- Now we read that, at the period when the Jews were in doubt whether he were the Christ or not, the Baptist pointed out to the people a clear and characteristic distinction.—" I indeed baptize with water, but one mightier than I cometh, the latchet of whose shoe I am unworthy to unloose, he shall baptize you with the Holy Ghost and with fire'."'-And, soon after this indication, he exclaimed, on the approach of Jesus;-" This was he of whom I spake.”—The manifest effect of a prophecy, so positive and so remarkable, was to induce a general belief, that Christ would be known by the institution and exercise of some new form of baptism. Yet Jesus, during the whole period of his ministry, neither discharged, nor enjoined, nor mentioned this new rite. The prophecy, it is true, was accomplished on the day of Pentecost, but this event took place after the death of Jesus, and is it, we ask, the custom of impostors to predict of one another events, which are to happen only when life is terminated ? Is it the practice of deceit, by involving itself in unnecessary difficulties, by heaping suspicion on suspicion, and by multiplying the means of discovery and destruction, to obstruct its own career, and to render its plans disjointed and ruinous ?

1 Luke iii. 16.

IV. Again, suppose their actions to have been framed on the principles of human policy,—and the baptism of Jesus by John must necessarily have resulted from prior agreement, and arisen from an opinion that it would extend the credit of their characters, and facilitate the reception of their claims. But it seems most unfit to produce this effect. It accorded neither with the submissive inferiority which John professed, nor with the faultless character to which Jesus was to lay claim. To the attentive and dispassionate enquirer, there are many ways of explaining the fact, that he,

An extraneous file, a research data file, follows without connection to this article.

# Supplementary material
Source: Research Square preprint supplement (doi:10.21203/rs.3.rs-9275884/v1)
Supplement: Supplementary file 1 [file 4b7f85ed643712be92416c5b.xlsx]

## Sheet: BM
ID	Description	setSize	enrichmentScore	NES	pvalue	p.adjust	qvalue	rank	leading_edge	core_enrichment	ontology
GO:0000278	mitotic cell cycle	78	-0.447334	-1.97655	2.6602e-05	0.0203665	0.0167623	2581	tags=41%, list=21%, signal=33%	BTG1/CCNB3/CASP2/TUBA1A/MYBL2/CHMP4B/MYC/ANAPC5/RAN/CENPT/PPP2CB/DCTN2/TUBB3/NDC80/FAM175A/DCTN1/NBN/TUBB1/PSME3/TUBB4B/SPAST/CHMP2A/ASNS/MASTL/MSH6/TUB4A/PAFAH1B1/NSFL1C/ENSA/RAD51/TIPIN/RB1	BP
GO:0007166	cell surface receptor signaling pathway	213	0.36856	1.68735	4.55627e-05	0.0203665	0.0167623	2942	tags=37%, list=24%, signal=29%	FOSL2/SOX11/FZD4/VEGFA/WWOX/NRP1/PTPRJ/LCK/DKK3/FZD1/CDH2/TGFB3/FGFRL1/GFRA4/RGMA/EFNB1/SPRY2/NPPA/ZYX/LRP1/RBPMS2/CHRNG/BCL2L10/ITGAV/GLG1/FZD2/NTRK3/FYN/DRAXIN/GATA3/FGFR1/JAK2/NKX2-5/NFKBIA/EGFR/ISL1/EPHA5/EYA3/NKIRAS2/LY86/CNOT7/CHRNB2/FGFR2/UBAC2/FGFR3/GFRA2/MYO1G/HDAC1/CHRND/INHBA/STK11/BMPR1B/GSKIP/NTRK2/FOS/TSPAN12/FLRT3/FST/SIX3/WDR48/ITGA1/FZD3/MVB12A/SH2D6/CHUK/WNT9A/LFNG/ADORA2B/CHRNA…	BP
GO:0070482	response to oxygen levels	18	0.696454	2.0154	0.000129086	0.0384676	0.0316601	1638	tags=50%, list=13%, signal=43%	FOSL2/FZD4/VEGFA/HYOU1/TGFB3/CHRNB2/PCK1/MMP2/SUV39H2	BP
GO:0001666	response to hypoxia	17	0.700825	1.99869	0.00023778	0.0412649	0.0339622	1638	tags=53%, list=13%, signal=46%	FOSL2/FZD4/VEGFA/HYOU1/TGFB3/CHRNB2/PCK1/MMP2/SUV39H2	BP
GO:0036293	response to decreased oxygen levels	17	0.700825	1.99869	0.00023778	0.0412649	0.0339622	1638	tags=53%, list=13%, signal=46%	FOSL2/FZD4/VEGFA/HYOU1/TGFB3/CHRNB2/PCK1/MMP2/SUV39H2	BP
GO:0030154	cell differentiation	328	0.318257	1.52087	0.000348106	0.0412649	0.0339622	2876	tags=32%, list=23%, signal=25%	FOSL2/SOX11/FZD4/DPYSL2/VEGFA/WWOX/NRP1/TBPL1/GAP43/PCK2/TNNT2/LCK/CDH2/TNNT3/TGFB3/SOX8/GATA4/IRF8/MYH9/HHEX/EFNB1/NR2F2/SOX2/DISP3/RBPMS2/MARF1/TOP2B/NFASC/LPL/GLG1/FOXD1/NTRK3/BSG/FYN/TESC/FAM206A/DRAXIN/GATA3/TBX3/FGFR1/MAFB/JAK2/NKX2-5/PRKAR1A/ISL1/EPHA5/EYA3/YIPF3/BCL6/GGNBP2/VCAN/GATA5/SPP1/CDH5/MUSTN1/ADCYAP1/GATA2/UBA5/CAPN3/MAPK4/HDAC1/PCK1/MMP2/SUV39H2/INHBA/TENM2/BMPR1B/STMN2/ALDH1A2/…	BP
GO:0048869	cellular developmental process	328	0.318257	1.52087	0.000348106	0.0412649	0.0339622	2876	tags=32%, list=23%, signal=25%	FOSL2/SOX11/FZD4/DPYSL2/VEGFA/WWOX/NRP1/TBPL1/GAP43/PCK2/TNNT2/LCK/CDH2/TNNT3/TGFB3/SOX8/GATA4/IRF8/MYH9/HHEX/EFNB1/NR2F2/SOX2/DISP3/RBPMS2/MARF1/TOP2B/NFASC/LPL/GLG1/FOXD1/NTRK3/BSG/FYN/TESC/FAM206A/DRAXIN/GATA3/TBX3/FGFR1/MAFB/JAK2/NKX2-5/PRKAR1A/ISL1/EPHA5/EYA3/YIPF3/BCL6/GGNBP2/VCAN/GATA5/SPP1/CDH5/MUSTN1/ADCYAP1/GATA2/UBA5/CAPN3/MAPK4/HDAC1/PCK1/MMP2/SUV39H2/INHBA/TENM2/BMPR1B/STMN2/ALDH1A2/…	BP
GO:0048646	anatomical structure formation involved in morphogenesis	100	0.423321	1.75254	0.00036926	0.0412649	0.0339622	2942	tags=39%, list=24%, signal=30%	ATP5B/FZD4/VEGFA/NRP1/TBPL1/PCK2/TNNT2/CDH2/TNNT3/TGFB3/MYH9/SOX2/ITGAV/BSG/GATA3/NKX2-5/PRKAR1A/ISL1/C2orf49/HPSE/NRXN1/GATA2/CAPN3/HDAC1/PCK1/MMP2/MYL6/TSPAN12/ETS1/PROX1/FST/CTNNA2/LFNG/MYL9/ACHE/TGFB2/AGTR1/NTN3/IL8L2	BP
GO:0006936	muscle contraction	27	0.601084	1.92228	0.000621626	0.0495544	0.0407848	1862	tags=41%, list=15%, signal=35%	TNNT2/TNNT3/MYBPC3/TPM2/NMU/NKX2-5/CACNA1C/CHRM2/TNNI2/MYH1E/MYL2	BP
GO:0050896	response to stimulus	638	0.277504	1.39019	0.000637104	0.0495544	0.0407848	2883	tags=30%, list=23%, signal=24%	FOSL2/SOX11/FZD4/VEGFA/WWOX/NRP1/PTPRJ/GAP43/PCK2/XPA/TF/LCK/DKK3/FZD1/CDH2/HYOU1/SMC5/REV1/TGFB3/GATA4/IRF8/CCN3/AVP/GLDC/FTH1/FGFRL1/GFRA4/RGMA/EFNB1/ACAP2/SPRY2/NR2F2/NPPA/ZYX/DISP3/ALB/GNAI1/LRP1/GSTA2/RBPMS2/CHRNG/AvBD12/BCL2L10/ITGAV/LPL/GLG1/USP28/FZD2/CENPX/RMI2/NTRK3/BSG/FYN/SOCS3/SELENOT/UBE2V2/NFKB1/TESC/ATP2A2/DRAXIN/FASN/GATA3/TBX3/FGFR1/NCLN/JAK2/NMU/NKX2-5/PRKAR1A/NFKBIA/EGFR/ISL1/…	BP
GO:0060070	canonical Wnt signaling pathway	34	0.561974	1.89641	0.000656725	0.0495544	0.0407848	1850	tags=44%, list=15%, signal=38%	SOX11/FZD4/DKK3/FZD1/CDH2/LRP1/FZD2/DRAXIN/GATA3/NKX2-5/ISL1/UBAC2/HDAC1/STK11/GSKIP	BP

? There would be no weight in the objection, that the whole scene was intended to fulfil a tradition of the Scribes, which was then generally prevalent—that Elias the forerunner would baptize the Messiah. For, if this were the fact, we should find constant references to this circumstance as to a convincing proof of their inspiration. Yet there is no appeal to this test, though opportunities of making it were innumerable.

who was without sin, came to the baptism of repentance for the remission of sins ;-—but to the Jews an immediate suspicion of the veracity of John, or of the purity of Jesus must naturally have occurred'. Without insisting, therefore, on the impossibility of contriving the miracles, which are said to have attended the ceremony ;-the opening of the heavens ;-the descent of something visible in motion, or in form, like a dove ;--and the voice from above, expressive of the divine approbation; we assert, that the apparent tendency of the transaction to raise doubts and cavils, furnishes us with another strong presumptive proof that they were not joint impostors.

V. The message of John, when in prison, to Jesus, forms another convincing argument of their honesty and truth.-If they were deceivers, it must have been a contrivance intended to establish their credit. But how was it adapted to the promotion of this object ?—The people were convinced that John was a prophet; attentive to his instruction, and submissive to his rebukes, they felt the deepest respect for his character and his office. What effect, then, would be produced on their minds by this public deputation ? If his influence continued

i Several reasons are given by Witsius, and the following among the rest :-"Ut auctoritatem conciliaret Baptismo Johannis; ut ostenderet se caput baptizatorum esse, æquè ac circumcisorum, et communionem habere cum utrisque, qui venit ut ex utrisque faceret unum ; ut exemplo suo et commendaret et sanctificaret baptismum nostrum, æquè ac sacramenta alia, quibus se subjecit, ne homines gravarentur venire ad Baptismum Domini, quum Dominus gravatus non fuerit venire ad Baptismum servi.” Misc. Sacr. Vol. II.